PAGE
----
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Question on the lateral movement of earthworms and soil life

 
pollinator
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Location: South Carolina 8a
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Good morning,

As I expand my garden piece by piece, I am sheet mulching by laying down kraft paper over bermuda grass, as I obtain materials. My questiom is will earthworms and other organisms move laterally into my new sheet mulch? I am also adding pockets of compostable material, as I obtain it. I am laying arborist wood chips amd leaves about a foot thick. It is my hope to plant my mochata in this mix in a few months to break through the paper and prep my bed for the fall. Is this possible? Will the soil life move laterally from my other beds? What other tips besides compost teas and fungal slurries can help speed this process up?


Thanks!
 
master steward
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Location: Northern WI (zone 4)
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I'm pretty sure that they will move laterally if there is a worm friendly path to get from point A to point B and a reason for them to move.  I'm guessing the best way to speed it up would be to take a few shovel fulls of soil from a wormy place and inoculate it into the new locations.  That should give you some adult worms and some eggs to rapidly take over the new territory.
 
pollinator
Posts: 2595
Location: Massachusetts, Zone:6/7, AHS:4, Rainfall:48in even Soil:SandyLoam pH6 Flat
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When it rains I have seen earthworms on asphalt and concrete. They will find there way to you woodchip/sheetmulch. As they say build it and they will come
 
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Location: East of England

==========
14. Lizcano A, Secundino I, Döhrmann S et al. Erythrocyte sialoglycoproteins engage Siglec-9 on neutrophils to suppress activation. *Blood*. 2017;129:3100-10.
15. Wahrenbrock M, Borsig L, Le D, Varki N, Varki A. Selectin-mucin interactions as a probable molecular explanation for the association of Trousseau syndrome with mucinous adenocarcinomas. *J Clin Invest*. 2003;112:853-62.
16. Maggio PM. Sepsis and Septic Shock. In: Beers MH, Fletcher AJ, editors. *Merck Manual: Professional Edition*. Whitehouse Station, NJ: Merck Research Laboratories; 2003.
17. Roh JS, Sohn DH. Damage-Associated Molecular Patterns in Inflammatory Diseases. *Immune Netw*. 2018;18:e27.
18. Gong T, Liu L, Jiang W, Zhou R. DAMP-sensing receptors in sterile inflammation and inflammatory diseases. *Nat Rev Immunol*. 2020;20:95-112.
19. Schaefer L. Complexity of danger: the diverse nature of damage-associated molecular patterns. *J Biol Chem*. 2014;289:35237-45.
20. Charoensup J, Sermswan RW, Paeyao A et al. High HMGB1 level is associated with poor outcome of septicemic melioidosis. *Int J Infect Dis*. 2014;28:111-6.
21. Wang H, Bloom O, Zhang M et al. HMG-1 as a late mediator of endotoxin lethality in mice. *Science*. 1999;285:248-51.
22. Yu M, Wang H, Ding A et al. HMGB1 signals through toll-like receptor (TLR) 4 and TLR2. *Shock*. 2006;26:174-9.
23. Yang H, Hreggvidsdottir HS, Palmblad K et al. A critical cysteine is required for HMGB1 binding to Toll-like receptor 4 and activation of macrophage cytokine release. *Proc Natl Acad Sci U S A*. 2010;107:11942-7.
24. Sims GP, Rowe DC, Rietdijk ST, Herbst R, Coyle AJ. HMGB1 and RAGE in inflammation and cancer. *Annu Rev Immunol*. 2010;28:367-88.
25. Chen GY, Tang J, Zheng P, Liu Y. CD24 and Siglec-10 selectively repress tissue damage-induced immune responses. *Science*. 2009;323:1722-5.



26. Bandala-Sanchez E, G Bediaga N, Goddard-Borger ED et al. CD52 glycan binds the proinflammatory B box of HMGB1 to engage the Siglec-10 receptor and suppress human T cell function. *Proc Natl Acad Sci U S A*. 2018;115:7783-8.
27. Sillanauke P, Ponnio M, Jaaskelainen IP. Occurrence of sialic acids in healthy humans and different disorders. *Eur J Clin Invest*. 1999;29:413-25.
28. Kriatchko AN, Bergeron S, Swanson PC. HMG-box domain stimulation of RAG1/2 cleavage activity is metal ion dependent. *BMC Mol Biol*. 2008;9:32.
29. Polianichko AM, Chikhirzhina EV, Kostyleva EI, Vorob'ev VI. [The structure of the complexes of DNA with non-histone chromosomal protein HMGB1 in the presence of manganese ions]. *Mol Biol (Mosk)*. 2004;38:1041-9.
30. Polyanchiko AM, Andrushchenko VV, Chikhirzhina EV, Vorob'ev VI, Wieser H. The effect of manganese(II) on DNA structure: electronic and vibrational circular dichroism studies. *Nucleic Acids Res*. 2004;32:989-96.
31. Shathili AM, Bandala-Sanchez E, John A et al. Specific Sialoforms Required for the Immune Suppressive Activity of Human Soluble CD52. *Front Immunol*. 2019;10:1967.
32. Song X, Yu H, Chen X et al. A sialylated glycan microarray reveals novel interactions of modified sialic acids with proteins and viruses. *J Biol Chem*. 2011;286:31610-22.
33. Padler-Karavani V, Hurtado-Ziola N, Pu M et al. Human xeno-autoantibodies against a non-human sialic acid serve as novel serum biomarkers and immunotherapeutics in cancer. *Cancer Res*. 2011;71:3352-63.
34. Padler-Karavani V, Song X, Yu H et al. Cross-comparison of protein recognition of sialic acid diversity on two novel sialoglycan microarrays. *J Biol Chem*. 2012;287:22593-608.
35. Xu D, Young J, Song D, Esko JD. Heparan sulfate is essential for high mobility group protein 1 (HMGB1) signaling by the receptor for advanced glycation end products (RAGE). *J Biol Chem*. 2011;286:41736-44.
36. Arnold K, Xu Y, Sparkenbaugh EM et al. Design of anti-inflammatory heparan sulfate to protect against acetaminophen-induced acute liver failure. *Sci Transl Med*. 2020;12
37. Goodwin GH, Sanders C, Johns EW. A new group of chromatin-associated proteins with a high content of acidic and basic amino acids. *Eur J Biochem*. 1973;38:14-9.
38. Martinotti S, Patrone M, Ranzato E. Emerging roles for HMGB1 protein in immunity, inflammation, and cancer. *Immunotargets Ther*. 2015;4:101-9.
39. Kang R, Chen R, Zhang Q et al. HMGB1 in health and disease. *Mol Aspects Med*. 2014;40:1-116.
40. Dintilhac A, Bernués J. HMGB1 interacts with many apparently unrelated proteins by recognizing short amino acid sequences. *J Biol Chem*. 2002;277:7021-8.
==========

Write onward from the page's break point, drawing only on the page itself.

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The previous residents of here had a ~20cm thick layer of pebbles on our small, shady front garden. There was also a membrane underneath, and when we removed all of this the soil was so compacted that I more or less had to chip it away with a fork. Safe to say it was relatively lifeless. We had some top soil delivered, plante things out and, whilst it's still a work in progress, worms have now been spotted, despite the nearest visible soil being out the back of the house. So, to repeat what the above user said: if you build it they will come!
 
gardener
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Worms move along quite nicely—when conditions are good, upwards of 25 feet an hour, depending upon the species.  Once the wood chips and cardboard begin to decompose, the worms will take it from there.  They'll colonize that space in less than a month, tops.  They'll cruise under that cardboard and lovely wood chip blanket and find their way to all the best spots.  

Now if your question was "how do I keep the worms out?", then you'd be out of luck.

Best of luck with your new garden space.
 
author & pollinator
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A good question. I have wondered the same thing, but more about soil microorganisms in raised beds. I suspect bacteria grow and multiply just about anywhere. But I've wondered about mycorrhizal fungi, because they network with other fungi and plants. Can they still do that in raised beds? Or maybe just with those in their own bed. (?)
 
Marco Banks
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A single mushroom releases something like 2.7 BILLION spores in a day.  They are everywhere, blowing with the wind, settling on every surface, washing down into the soil with every rain, and colonizing any available surface that is suitable.  If you mulch the top of your raised beds after your plants come up, you'll create a perfect environment for a couple hundred of those spores to begin growing a fungal network.  

As much as possible, if you can minimize tilling those beds from year to year, the fungi will greatly appreciate it.  Just dig a hole for the plant you wish to transplant, or a shallow furrow for seeds if you are direct seeding.  I re-mulch the tops of my garden beds every year with a couple of inches of compost, and then a layer of poopy chicken straw on top of that.  

If you really want to get crazy, dig down about 2 feet below the surface of your garden bed and bury old wood, like a horizontal hugalkulture.  The fungi will colonize that layer and will reach upwards to find your plants' roots.

m
 
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